Expect to see a lot more #nature #sunrise #yogi Instagram posts in the coming years. The number of new, verticalized marketplaces and platforms facilitating outdoor experiences is reaching an inflection point.
The state of outdoor travel
In 2018, the US National Park Service received over 318 million recreational visits. With more than 400 sites, one of the best and most time-honored ways to see the U.S. is its robust system of national parks. However, of the 59 national parks in the U.S., only 19% of Americans have seen more than five. More than a quarter (26%) say they have never been to a national park. The majority (54%) say they have visited two or fewer.
When it comes to happiness with physical health and well-being, there is a 22 percentage point gap (61% to 39%) between travelers and homebodies. In the era of increasing concern over worker burnout, this finding is a notable takeaway for employees and employers looking for ways to improve well-being. In particular, travelers who commit to outdoor trips return 33% happier and more relaxed than their urban-traveling counterparts.
New platforms will make outdoor experiences as easy to access and navigate as vacationing in a metropolitan area. Most millennials find setting up a hunting or fishing trip to be significantly more logistically challenging than flying to Chicago or NYC for a weekend to check out Eater’s top-rated avo-toast brunch spot.
It’s not that urban experiences are more fun or relaxing than outdoor alternatives. It’s the tools that make it easy… Skyscanner for optimal flight prices, Airbnb for the stay, Lyft to navigate anywhere, Google Maps as the citadel of restaurant reviews, OpenTable to confirm.
New outdoor-focused companies will compete on these two vectors —
New Land (Re-Manifest Destiny)
This isn’t simply about increasing the funnel for visitors to national parks, but creating new access points altogether by facilitating private landowners to set up their own parks. Companies like Tentrr and Hipcamp are in the process of aggressively accumulating thousands of new sites across the US, locking landowners into exclusive contracts that prevent competitors from setting up their own campsites. The face of outdoor America is rapidly changing. National parks may no longer be central hubs for outdoor activities.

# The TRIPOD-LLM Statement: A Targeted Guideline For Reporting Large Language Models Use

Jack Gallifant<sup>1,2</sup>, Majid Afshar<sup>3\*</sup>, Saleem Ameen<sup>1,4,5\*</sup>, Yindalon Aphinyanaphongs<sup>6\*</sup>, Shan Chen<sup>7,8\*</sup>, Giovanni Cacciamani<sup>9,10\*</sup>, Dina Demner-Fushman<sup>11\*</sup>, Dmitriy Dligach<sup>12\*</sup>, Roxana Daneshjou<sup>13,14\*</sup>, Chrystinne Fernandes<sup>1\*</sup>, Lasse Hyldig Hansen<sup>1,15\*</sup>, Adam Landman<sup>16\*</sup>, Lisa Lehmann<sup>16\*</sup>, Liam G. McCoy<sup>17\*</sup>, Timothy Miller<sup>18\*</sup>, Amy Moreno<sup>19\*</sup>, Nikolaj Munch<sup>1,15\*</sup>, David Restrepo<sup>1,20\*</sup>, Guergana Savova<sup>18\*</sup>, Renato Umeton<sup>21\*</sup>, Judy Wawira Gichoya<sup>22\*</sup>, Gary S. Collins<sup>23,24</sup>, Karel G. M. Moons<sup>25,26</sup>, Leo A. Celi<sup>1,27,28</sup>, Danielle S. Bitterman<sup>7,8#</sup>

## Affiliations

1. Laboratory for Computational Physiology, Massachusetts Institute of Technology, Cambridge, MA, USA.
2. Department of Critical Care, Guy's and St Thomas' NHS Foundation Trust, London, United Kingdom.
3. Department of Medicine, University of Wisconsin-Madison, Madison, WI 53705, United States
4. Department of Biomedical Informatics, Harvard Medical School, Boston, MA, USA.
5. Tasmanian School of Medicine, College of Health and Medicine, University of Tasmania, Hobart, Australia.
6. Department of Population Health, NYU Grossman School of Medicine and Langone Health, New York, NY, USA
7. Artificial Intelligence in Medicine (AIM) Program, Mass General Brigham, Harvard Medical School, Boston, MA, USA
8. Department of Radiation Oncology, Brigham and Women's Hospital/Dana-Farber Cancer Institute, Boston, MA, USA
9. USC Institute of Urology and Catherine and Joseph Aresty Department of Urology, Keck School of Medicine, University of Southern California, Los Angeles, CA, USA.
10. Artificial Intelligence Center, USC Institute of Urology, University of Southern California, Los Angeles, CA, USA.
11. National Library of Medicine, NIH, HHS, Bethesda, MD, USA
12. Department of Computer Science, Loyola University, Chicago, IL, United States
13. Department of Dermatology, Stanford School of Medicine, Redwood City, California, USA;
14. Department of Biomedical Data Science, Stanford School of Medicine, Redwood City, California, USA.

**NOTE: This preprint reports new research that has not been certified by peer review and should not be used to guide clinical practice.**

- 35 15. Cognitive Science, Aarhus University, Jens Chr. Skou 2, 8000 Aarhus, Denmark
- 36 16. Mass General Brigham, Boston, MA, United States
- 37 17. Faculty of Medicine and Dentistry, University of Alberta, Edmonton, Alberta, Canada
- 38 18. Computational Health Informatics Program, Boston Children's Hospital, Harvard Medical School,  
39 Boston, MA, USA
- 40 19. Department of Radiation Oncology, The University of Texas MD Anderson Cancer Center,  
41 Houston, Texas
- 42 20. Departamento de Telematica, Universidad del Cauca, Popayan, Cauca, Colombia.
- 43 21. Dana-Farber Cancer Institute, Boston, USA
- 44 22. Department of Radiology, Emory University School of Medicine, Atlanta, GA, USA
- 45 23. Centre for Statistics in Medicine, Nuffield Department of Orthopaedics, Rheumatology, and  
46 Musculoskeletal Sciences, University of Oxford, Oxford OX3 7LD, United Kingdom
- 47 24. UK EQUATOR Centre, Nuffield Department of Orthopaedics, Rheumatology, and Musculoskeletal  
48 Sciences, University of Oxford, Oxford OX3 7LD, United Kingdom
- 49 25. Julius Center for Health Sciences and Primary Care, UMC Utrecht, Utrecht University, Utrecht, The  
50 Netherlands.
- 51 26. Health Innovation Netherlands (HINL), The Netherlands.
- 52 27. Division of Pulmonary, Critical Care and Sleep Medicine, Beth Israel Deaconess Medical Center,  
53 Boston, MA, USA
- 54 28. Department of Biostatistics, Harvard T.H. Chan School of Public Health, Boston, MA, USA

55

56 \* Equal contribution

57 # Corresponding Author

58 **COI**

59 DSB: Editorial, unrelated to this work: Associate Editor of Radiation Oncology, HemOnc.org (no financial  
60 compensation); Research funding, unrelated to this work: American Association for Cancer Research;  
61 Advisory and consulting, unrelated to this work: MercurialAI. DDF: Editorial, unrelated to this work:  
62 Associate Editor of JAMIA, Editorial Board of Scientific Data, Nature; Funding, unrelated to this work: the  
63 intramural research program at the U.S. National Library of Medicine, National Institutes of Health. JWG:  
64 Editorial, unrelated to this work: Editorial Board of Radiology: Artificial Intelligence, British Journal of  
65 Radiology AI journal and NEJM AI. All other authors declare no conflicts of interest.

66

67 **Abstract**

This ‘new land’ is coming from:
- Commercial developers that own land, but are not ready to break ground
- Timber-fellers that own many hundreds of acres of forest that cannot be monetized until mined for wood
- Private estates
Outdoor experiences aren’t plug-and-play in the same way that urban experiences are. Rivers and mountainscapes were not architected by civil engineers and interior designers (mostly). While the established, well-worn hiking trails can be straightforward, newly-opened outdoor destinations will require localized guides and some degree of facilitation. In addition, a new majority of the customer segment will emerge — the inexperienced outdoorsman.
To this end, I’ve seen a rise of guide-led and experiential services.
Request For Startups
Tools for the coming cottage industries
Similar to professional Airbnb operators and OpenDoor home repair businesses, we may see a crop of cottage industries form as a result of these new platforms. This could mean opportunities to help certify new campgrounds staff members, security services, offline/off grid check-in tools, tent repair services (🤷♂️) etc.
Data aggregation and social groups
It’s not unusual that people who develop particular skills and interests like to connect with others who share the same. (The FB groups unbundling concept) For fishing, in particular, I’ve seen social apps like Fishbrain and Anglr accumulate thousands of active users. For hiking and camping, Alltrails and Hiking Project have been incredibly useful tools, totaling millions of downloads. Apps like GoWild are also gaining traction, helping hunters track and share trophy stats for various game.
Outdoor rewards programs
Potentially an interesting opportunity to create lock-in across outdoor activities by centralizing a rewards broker. This might grow the pie for all outdoor channels.